Any mention of desert brings to mind images of sand dunes, dry arid land, sparse bushy vegetation, an occasional cactus, and relentless thirst. If the recent innovations in rain making technology were given their due chance, then desert lands might be a thing of the past. It will be sweet irony if governments might have to work hard to perserve desert sands by marking them as no-rain zones!!
Abu Dhabi, which receives very little rainfall in any given year, experienced around 50 discrete rainfall episosdes coupled with thunder and lightning, during two summer months of July and August 2010. Most of the rainfall was in the Al Ain region of Abu Dhabi. Most of the residents of that region were pleasantly surprised with this weather change, especially in the dead heat of the summer, where the temperatures can regularly go past 52 Celsius
This change in weather is due to the efforts of a secret group of scientists that has been working for Sheikh Khalifa bin Zayed Al Nahyan, United Arab Emirates president. They have embarked on a large scale rain-making experiment that ionizes air particles using large ionizers. There particles rise up in the atmosphere due to hot air induced convection currents. These particles stablize once they reach the height around which clouds begin to form and as they go up they attract dust particles forming a nucleus around which moisture in the air can condense. The charged particles help attract the moisture and over a period of time clouds start forming. And during the night as the temperature cools, the clouds condense and rain down. As these clouds have a lot of charged particles, it results in significant lightning and thunder. In order for the clouds to form, the moisture content in the ambeint air should be at least 30%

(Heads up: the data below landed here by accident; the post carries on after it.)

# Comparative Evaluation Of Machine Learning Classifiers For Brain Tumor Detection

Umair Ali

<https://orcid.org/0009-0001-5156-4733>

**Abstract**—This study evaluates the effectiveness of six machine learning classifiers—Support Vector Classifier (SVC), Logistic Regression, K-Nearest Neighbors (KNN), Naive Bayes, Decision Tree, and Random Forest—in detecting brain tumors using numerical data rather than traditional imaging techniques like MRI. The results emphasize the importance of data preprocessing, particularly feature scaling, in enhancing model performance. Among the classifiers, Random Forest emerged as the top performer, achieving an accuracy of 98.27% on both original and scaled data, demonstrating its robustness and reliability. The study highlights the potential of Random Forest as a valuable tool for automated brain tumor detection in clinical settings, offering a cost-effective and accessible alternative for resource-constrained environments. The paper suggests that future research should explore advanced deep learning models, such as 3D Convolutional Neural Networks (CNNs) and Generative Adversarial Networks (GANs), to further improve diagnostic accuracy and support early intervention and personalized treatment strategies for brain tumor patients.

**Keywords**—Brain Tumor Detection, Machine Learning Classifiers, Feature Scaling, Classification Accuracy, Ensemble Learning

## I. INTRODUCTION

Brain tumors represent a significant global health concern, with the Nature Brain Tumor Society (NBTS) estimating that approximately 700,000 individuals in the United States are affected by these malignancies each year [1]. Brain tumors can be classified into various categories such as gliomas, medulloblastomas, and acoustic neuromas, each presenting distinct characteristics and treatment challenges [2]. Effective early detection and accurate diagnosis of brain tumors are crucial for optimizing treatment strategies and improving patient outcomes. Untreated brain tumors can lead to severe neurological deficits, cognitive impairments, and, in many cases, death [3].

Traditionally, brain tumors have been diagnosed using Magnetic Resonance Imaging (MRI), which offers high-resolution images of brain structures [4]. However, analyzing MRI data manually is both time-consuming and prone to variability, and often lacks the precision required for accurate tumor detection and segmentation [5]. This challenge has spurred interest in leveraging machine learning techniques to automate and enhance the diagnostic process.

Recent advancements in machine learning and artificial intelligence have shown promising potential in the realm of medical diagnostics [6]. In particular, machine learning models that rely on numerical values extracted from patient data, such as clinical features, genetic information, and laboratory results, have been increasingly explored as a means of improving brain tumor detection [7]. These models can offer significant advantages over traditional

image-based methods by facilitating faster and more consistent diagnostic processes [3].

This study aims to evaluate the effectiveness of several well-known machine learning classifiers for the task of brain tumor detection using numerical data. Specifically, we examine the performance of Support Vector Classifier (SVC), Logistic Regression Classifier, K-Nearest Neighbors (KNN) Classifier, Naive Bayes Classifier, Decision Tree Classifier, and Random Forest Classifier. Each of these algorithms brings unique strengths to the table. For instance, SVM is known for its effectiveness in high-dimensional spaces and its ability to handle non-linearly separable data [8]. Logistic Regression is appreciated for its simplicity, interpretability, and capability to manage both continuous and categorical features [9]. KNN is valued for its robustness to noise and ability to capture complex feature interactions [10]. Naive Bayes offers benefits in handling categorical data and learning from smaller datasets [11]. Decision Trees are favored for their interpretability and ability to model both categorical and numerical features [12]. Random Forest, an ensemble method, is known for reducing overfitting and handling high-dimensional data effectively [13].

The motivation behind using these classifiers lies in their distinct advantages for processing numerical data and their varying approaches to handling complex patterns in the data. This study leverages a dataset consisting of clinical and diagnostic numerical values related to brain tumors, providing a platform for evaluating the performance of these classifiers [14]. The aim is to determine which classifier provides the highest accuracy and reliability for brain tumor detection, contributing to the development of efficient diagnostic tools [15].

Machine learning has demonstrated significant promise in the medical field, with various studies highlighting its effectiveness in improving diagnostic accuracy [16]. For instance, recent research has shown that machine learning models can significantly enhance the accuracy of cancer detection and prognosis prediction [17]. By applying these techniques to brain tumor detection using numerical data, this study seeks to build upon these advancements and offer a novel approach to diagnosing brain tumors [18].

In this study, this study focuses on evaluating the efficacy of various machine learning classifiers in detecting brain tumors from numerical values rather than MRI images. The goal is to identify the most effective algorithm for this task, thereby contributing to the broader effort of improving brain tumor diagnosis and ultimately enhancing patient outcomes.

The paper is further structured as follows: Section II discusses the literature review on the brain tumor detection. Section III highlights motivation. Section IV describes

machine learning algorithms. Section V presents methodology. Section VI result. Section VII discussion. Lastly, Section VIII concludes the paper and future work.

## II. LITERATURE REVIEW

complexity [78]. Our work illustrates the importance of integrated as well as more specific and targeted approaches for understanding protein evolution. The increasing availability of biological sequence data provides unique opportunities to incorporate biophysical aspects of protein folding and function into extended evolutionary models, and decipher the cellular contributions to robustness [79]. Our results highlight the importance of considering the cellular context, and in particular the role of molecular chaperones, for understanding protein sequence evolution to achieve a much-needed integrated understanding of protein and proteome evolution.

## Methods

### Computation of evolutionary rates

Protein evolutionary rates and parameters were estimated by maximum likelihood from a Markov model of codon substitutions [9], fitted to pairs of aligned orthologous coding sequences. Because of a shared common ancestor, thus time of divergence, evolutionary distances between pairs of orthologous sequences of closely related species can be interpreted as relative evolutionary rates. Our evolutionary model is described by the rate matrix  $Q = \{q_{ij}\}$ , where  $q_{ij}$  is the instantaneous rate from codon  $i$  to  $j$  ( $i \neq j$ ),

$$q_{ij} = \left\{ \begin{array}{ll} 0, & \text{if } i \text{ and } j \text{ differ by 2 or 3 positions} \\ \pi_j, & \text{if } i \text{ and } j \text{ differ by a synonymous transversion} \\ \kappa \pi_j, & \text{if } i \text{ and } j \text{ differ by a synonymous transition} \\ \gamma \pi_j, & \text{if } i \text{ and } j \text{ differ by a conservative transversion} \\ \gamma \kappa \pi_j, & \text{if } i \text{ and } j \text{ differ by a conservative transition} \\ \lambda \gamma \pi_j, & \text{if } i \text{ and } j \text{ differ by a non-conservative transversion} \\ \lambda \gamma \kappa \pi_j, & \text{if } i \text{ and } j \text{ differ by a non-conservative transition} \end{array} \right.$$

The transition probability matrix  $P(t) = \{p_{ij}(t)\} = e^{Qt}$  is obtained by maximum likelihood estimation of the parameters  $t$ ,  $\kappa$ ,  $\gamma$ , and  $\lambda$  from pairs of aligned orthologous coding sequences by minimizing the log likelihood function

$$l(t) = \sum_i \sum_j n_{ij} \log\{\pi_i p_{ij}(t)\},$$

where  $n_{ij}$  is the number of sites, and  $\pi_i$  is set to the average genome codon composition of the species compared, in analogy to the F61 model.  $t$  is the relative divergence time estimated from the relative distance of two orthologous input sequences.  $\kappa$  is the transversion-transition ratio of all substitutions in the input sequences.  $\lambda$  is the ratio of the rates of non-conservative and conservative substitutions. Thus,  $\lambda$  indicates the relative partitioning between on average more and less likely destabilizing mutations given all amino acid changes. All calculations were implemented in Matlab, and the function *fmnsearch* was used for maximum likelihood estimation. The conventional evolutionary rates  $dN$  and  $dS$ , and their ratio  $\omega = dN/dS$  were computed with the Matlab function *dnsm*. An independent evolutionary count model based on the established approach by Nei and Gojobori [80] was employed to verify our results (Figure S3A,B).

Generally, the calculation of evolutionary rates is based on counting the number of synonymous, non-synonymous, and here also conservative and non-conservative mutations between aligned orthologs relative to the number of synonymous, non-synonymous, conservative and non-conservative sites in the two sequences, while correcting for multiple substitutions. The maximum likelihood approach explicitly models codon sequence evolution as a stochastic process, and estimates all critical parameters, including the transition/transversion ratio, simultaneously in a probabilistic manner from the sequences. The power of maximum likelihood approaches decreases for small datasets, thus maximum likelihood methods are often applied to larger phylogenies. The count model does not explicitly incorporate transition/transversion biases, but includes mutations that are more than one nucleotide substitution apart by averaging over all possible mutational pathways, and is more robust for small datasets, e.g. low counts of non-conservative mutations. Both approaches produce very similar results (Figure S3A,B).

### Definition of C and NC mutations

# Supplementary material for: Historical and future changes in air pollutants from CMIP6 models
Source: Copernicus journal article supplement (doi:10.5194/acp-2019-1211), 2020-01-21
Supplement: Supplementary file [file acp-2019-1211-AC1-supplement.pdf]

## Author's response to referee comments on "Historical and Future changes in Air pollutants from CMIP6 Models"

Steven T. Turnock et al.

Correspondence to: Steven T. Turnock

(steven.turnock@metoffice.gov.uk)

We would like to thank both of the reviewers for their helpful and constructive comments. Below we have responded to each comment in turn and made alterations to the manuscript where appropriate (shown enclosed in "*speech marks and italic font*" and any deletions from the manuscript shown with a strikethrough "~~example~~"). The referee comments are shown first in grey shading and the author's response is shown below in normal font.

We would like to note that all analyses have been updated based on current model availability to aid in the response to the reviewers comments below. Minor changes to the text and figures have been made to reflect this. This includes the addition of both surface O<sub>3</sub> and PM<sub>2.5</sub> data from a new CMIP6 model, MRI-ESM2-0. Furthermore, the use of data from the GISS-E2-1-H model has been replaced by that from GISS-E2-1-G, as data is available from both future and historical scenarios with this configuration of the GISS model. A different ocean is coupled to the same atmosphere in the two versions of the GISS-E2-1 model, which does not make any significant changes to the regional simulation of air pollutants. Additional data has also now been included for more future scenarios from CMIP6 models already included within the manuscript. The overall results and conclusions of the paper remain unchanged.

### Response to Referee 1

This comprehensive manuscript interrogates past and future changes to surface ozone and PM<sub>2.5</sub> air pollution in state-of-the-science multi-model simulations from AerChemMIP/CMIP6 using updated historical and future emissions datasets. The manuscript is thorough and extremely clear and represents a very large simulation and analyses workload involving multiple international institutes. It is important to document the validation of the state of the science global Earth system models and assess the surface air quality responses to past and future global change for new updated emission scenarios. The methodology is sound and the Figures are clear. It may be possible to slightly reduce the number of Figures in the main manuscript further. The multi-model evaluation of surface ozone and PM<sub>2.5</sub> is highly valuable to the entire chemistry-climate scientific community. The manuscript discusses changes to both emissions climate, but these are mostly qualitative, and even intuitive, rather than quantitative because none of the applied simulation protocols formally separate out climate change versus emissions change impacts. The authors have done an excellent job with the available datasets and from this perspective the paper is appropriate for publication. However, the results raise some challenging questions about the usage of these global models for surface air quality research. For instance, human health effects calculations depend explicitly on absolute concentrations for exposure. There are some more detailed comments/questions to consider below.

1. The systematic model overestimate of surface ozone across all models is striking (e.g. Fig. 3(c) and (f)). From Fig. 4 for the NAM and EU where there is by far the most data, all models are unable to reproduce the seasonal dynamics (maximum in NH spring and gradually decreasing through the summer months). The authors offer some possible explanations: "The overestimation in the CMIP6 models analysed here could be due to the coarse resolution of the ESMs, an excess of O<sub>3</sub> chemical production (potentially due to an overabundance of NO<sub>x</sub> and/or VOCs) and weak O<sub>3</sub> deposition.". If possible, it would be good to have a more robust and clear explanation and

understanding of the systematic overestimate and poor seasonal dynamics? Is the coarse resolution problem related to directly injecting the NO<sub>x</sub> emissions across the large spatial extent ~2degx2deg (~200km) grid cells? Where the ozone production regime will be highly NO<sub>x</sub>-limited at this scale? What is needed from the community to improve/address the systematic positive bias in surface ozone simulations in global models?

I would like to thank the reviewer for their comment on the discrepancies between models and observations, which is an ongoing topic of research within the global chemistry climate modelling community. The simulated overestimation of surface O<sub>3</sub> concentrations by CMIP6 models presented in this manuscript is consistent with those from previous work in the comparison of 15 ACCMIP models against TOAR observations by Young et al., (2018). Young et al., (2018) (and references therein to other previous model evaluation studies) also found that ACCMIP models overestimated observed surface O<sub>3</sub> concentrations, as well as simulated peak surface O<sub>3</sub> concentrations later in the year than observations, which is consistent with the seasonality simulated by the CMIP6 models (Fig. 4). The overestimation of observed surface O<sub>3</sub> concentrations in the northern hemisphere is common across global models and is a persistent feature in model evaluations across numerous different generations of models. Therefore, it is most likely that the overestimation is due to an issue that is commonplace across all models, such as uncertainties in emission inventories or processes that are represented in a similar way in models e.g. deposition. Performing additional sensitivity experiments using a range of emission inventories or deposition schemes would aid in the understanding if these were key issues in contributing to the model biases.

Helmut Fuhrer, founder of Metro Systems International that developed the infrastructure for this experiment, indicated that they have acheived a number of rainfalls in Al Ain region of Abu Dhabi. Max Planck Institute for Meteorology, a premier center for research on atmospheric physics, was involved in the monitoring and tracking of the project
Along with all the potential benefits of turning dry land into arable land, being able to produce more food, this ability of making rain in Abu Dhabi serves a more immediate need - to generate fresh water. It is less expensive to produce was this way than through desalination (which the only method at their disposal to get fresh water to the population). It costs about £850 million to build a desalination plant, and the rain making setup (most the cost of the large Ionizers) costs about £7 million. And on an annual basis, it costs about £45 million to run the desalination plant vs. the rain-making infrastructure that requires about £6 million (mostly in electricity costs)
Although this all seems pretty impressive, this experiment needs to be validated over few more years, before we can confirm that the rains were infact the result of the rain-making infrastructure. Abu Dhabi is on an ocean coast, and water vapor from Ocean rises up and results in rain once in a while. If that is the case, were the 50+ rainfall episodes the result of the rain making machine or just an aberration in the weather pattern for 2010, only time will tell. The results are promising enough to continue to pursue this innovation, as this could hold one of the key to solving world hunger and thirst!